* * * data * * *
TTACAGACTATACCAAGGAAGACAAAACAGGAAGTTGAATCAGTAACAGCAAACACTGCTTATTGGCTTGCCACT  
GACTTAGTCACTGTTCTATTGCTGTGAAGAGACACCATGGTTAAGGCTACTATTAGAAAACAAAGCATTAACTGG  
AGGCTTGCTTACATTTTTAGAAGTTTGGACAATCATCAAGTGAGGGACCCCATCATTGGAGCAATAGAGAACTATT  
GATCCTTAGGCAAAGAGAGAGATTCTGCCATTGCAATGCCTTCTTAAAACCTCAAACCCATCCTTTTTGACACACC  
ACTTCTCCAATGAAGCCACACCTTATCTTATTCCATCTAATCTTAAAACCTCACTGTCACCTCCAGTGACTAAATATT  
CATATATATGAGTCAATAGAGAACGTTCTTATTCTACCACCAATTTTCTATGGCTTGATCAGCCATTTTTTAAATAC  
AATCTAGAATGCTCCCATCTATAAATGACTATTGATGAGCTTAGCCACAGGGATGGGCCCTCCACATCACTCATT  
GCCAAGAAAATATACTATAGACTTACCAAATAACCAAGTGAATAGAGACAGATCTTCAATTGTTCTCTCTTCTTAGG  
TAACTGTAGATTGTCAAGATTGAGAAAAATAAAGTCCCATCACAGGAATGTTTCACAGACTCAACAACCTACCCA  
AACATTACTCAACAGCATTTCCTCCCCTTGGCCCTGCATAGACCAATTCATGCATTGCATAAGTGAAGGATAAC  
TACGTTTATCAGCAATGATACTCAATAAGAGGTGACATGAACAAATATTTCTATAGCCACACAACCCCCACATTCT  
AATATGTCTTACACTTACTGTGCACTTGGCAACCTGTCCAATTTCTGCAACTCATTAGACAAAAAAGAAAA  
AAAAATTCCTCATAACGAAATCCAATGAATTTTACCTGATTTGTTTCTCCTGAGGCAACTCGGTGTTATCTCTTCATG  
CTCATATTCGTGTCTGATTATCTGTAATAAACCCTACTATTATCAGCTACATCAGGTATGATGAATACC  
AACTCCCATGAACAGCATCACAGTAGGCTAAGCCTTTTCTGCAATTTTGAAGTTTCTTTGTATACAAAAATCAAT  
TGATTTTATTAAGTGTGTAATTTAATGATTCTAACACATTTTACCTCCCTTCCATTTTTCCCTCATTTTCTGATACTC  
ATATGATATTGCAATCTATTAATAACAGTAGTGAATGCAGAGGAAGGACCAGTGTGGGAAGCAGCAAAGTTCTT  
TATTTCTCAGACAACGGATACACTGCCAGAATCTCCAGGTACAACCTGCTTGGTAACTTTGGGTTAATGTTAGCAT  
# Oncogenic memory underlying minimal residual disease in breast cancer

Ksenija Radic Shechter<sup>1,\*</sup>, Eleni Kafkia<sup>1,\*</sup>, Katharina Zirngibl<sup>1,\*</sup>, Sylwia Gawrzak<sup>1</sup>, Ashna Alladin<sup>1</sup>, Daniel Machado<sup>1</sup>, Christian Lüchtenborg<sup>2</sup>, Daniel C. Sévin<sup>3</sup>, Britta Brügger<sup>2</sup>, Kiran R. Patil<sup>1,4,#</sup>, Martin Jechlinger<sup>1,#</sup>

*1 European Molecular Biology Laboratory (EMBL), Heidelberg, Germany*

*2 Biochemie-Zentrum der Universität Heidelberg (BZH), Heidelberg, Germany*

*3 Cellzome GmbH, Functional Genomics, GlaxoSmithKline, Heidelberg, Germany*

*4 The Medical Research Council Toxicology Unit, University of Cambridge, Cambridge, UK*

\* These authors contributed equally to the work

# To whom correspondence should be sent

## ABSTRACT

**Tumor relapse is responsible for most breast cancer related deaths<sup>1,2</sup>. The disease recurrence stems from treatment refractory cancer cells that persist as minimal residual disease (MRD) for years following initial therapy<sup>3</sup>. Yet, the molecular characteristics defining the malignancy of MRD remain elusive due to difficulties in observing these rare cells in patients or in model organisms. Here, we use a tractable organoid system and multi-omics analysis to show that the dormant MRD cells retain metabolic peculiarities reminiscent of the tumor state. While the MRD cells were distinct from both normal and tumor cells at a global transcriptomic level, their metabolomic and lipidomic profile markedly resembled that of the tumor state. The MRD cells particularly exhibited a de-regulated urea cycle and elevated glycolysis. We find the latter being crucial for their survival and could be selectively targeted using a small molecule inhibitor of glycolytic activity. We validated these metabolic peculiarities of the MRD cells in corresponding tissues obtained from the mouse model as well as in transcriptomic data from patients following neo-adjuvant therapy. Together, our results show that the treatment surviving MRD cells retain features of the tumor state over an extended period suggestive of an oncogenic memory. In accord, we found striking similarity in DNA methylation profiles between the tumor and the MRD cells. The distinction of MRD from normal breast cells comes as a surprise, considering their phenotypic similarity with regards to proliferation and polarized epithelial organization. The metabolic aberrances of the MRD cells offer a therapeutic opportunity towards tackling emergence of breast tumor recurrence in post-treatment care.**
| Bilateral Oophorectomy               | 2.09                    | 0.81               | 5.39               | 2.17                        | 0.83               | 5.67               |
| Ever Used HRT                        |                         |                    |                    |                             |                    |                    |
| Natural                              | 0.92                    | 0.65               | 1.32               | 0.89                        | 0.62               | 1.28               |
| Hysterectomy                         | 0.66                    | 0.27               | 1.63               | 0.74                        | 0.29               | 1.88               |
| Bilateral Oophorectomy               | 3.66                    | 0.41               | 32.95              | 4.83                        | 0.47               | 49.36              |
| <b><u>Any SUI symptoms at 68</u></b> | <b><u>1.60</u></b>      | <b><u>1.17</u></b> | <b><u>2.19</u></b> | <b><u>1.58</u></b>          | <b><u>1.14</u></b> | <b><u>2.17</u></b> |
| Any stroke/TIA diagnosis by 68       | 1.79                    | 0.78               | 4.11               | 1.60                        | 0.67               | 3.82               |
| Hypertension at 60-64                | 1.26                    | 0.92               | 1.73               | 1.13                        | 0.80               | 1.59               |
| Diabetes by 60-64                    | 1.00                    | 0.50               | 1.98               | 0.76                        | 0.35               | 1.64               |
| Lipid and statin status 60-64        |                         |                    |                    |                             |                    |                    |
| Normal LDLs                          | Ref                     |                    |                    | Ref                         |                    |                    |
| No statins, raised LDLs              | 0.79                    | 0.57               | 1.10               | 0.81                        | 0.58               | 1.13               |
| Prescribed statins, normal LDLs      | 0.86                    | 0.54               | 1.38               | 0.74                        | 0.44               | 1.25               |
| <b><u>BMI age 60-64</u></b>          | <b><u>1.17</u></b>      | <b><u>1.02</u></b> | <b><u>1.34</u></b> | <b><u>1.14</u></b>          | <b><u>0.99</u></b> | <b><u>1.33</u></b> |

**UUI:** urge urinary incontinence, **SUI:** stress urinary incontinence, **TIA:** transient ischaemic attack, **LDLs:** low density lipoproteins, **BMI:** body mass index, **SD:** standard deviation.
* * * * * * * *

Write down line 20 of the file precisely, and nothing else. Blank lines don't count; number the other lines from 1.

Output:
Ksenija Radic Shechter<sup>1,\*</sup>, Eleni Kafkia<sup>1,\*</sup>, Katharina Zirngibl<sup>1,\*</sup>, Sylwia Gawrzak<sup>1</sup>, Ashna Alladin<sup>1</sup>, Daniel Machado<sup>1</sup>, Christian Lüchtenborg<sup>2</sup>, Daniel C. Sévin<sup>3</sup>, Britta Brügger<sup>2</sup>, Kiran R. Patil<sup>1,4,#</sup>, Martin Jechlinger<sup>1,#</sup>